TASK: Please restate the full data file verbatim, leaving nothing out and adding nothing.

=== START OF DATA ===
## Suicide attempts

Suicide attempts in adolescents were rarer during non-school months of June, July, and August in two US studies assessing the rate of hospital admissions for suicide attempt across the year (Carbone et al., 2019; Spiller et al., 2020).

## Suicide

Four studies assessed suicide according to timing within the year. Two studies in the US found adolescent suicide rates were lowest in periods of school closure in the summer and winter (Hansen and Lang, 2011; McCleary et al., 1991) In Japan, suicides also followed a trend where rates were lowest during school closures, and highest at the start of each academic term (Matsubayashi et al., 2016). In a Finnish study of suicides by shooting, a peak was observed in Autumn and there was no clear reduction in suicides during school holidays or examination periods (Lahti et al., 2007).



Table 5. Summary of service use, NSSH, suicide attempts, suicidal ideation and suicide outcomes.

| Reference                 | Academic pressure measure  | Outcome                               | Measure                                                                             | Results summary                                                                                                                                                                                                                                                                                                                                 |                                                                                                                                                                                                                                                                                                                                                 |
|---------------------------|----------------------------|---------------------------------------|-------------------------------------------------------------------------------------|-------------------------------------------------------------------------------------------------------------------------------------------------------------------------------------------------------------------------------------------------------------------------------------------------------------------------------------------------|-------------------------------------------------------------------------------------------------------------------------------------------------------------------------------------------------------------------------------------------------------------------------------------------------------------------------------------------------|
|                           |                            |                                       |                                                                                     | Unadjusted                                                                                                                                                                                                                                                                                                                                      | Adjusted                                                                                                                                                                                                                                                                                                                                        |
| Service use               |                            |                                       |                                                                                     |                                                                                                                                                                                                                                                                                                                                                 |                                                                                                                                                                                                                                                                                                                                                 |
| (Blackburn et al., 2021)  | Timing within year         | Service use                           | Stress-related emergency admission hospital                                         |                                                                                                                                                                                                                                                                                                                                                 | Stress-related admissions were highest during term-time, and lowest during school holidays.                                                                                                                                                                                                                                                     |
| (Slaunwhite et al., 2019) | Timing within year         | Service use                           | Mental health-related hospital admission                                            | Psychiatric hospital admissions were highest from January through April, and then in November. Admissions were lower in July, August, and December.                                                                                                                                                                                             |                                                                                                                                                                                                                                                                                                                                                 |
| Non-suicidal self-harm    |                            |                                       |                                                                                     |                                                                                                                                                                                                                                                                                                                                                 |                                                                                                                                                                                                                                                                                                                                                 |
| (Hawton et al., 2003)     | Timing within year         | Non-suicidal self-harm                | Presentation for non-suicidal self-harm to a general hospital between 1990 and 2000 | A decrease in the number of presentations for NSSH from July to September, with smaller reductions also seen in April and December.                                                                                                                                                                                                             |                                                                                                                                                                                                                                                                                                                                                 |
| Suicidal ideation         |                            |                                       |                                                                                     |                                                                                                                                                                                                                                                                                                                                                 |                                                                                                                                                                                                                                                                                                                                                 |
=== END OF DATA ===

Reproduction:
## Suicide attempts

Suicide attempts in adolescents were rarer during non-school months of June, July, and August in two US studies assessing the rate of hospital admissions for suicide attempt across the year (Carbone et al., 2019; Spiller et al., 2020).

## Suicide

Four studies assessed suicide according to timing within the year. Two studies in the US found adolescent suicide rates were lowest in periods of school closure in the summer and winter (Hansen and Lang, 2011; McCleary et al., 1991) In Japan, suicides also followed a trend where rates were lowest during school closures, and highest at the start of each academic term (Matsubayashi et al., 2016). In a Finnish study of suicides by shooting, a peak was observed in Autumn and there was no clear reduction in suicides during school holidays or examination periods (Lahti et al., 2007).



Table 5. Summary of service use, NSSH, suicide attempts, suicidal ideation and suicide outcomes.

| Reference                 | Academic pressure measure  | Outcome                               | Measure                                                                             | Results summary                                                                                                                                                                                                                                                                                                                                 |                                                                                                                                                                                                                                                                                                                                                 |
|---------------------------|----------------------------|---------------------------------------|-------------------------------------------------------------------------------------|-------------------------------------------------------------------------------------------------------------------------------------------------------------------------------------------------------------------------------------------------------------------------------------------------------------------------------------------------|-------------------------------------------------------------------------------------------------------------------------------------------------------------------------------------------------------------------------------------------------------------------------------------------------------------------------------------------------|
|                           |                            |                                       |                                                                                     | Unadjusted                                                                                                                                                                                                                                                                                                                                      | Adjusted                                                                                                                                                                                                                                                                                                                                        |
| Service use               |                            |                                       |                                                                                     |                                                                                                                                                                                                                                                                                                                                                 |                                                                                                                                                                                                                                                                                                                                                 |
| (Blackburn et al., 2021)  | Timing within year         | Service use                           | Stress-related emergency admission hospital                                         |                                                                                                                                                                                                                                                                                                                                                 | Stress-related admissions were highest during term-time, and lowest during school holidays.                                                                                                                                                                                                                                                     |
| (Slaunwhite et al., 2019) | Timing within year         | Service use                           | Mental health-related hospital admission                                            | Psychiatric hospital admissions were highest from January through April, and then in November. Admissions were lower in July, August, and December.                                                                                                                                                                                             |                                                                                                                                                                                                                                                                                                                                                 |
| Non-suicidal self-harm    |                            |                                       |                                                                                     |                                                                                                                                                                                                                                                                                                                                                 |                                                                                                                                                                                                                                                                                                                                                 |
| (Hawton et al., 2003)     | Timing within year         | Non-suicidal self-harm                | Presentation for non-suicidal self-harm to a general hospital between 1990 and 2000 | A decrease in the number of presentations for NSSH from July to September, with smaller reductions also seen in April and December.                                                                                                                                                                                                             |                                                                                                                                                                                                                                                                                                                                                 |
| Suicidal ideation         |                            |                                       |                                                                                     |                                                                                                                                                                                                                                                                                                                                                 |                                                                                                                                                                                                                                                                                                                                                 |